Knowledge is power, yet new research suggests that a person’s appearance alone can trump knowledge.…
Social media can do more than just entertain us and keep us connected. It also…
Most people call it the art of persuasion, but public health researchers at the University of Southern California (USC) are trying to pinpoint the science behind social influence.
In what may be the first comprehensive study of its kind, a University of Colorado Denver Business School student has revealed the top reasons for Facebook unfriending, who is unfriended and how they react to being unfriended.
Reputation management has now become a defining feature of online life for many internet users, especially the young. While some internet users are careful to project themselves online in a way that suits specific audiences, other internet users embrace an open approach to sharing information about themselves and do not take steps to restrict what they share.
Male college students are much more likely to report having a “sexually appealing, wild, or offensive” Facebook profile than female college students, according to research published in the Journal of Education for Business in 2010.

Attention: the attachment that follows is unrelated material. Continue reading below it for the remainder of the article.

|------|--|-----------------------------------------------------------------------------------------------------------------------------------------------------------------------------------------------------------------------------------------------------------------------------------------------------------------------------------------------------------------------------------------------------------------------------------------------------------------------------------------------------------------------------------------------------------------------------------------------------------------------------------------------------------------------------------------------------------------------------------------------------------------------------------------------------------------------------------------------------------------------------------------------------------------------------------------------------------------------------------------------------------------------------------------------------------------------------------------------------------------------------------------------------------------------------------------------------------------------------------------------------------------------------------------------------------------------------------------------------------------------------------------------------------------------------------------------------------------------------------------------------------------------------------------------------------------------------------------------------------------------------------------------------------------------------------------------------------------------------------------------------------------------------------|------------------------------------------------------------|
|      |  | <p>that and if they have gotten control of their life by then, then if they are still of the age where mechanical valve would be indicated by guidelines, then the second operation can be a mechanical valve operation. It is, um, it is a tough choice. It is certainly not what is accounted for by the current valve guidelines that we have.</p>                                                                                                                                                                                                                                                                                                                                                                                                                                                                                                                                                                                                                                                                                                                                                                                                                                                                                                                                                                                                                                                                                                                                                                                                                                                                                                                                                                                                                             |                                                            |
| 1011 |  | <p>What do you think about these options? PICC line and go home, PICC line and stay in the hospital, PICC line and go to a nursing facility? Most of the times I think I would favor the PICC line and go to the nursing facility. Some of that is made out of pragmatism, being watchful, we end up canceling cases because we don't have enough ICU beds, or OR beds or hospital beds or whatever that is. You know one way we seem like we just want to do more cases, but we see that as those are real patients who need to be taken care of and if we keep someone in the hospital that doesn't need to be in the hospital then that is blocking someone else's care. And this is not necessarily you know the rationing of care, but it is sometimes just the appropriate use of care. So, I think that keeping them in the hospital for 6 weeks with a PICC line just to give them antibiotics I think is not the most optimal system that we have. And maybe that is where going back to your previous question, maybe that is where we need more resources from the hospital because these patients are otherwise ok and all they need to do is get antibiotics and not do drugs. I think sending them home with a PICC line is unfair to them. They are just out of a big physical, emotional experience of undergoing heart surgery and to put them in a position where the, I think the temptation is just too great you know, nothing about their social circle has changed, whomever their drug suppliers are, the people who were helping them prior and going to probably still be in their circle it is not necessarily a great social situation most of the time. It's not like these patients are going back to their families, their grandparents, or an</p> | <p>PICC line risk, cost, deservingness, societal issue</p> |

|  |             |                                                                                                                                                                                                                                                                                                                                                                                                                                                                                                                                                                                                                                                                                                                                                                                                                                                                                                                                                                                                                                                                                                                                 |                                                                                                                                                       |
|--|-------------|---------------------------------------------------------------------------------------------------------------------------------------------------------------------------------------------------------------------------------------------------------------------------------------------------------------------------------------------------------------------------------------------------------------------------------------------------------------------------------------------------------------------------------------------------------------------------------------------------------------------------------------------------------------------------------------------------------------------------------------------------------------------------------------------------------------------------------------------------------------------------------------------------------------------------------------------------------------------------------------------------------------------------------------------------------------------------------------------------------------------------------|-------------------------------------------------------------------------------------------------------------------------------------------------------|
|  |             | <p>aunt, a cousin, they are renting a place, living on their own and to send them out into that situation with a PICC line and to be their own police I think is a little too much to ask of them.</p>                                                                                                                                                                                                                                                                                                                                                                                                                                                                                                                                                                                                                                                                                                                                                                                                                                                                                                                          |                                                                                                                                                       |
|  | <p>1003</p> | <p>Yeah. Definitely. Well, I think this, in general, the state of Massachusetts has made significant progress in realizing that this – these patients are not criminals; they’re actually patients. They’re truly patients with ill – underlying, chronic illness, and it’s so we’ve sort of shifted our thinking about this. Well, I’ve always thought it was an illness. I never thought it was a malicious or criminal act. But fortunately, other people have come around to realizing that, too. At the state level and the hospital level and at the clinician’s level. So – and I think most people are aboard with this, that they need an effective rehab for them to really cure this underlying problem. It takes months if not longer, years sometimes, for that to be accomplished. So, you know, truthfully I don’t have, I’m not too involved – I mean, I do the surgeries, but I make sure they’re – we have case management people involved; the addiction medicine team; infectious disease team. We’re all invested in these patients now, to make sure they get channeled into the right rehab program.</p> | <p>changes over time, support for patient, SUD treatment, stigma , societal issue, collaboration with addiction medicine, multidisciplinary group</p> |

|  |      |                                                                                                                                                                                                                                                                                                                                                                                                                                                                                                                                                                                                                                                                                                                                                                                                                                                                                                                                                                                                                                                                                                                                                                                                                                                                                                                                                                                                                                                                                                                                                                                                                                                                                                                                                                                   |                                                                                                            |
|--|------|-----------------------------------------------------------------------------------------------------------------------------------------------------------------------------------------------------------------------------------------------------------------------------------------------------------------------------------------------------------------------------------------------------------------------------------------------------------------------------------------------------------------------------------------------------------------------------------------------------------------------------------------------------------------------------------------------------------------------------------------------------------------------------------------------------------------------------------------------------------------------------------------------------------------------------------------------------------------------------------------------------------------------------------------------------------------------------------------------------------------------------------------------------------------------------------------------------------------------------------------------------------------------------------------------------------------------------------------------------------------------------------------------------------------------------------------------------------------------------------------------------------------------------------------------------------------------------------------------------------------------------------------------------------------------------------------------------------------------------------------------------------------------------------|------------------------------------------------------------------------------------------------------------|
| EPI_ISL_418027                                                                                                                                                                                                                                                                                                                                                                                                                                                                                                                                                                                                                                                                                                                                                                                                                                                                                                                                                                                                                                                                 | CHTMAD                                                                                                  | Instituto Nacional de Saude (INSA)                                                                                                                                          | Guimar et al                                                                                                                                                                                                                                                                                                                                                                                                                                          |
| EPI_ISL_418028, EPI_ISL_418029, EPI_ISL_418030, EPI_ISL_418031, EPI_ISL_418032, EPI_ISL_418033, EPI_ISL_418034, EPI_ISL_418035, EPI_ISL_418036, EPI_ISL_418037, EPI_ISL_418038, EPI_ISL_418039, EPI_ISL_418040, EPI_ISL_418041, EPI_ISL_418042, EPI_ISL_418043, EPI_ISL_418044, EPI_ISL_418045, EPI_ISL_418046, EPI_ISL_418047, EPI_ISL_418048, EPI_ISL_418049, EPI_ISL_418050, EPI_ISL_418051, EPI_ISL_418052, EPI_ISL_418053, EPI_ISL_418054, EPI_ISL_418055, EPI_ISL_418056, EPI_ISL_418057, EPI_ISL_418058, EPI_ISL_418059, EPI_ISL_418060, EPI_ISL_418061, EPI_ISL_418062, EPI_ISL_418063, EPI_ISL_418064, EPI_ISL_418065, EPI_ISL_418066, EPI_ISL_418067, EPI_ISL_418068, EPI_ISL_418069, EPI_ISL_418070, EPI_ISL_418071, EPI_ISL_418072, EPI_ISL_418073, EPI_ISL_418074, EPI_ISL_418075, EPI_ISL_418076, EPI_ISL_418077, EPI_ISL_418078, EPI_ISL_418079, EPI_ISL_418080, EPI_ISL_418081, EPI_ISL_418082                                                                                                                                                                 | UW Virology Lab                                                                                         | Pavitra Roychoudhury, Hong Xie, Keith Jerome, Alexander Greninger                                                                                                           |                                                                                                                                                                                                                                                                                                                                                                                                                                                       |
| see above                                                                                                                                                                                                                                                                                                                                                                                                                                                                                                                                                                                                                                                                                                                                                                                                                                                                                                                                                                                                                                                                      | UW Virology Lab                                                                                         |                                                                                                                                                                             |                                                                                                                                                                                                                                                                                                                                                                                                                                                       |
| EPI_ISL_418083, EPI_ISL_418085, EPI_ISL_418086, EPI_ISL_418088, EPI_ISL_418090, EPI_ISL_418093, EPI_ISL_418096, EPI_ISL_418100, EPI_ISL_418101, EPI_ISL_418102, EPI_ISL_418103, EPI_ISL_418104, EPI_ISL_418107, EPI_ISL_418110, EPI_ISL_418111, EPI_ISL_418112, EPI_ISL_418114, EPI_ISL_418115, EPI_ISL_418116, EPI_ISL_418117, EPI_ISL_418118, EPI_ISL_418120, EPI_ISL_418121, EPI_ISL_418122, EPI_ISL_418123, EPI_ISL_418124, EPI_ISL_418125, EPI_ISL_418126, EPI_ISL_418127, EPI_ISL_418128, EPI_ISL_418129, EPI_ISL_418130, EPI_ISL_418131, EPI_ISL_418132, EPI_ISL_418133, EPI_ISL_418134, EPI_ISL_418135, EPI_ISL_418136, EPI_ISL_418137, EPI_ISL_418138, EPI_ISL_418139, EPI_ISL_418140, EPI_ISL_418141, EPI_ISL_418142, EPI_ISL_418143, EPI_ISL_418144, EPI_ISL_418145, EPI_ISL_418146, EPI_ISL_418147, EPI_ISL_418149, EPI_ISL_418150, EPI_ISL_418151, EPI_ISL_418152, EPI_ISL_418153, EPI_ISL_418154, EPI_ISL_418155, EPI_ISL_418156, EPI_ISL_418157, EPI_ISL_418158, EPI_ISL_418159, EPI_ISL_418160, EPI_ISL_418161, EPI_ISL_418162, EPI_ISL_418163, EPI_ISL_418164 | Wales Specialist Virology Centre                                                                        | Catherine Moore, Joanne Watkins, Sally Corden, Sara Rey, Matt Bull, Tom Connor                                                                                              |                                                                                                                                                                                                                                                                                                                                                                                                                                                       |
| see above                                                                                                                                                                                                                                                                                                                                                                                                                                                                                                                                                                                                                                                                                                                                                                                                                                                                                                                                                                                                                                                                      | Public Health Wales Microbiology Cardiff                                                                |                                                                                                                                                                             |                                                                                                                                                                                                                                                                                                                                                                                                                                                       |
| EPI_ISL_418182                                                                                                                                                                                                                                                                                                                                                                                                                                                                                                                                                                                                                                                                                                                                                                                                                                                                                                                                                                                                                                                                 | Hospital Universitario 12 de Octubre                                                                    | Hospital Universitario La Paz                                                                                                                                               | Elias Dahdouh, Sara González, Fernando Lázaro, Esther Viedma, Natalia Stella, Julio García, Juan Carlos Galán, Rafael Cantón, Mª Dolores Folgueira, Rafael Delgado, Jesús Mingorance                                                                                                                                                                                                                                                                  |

Facebook use may contribute to feelings of jealousy in romantic relationships, according to research published in the scientific journal CyberPsychology & Behavior.
In 2009, the journal CyberPsychology and Behavior published an article that investigated the relationship between shyness and Facebook use.
In 2008, the Personality and Social Psychology Bulletin published a study conducted by Laura Buffardi and W. Keith Campbell that examined whether laymen could accurately rate an individuals level of narcissism based on the content of their Facebook profile.
Contrary to conventional wisdom, a person’s willingness to communicate offline is similar to their willingness to communicate on the internet. Those who are not willing to communicate offline also tend to have the same unwillingness to communicate online.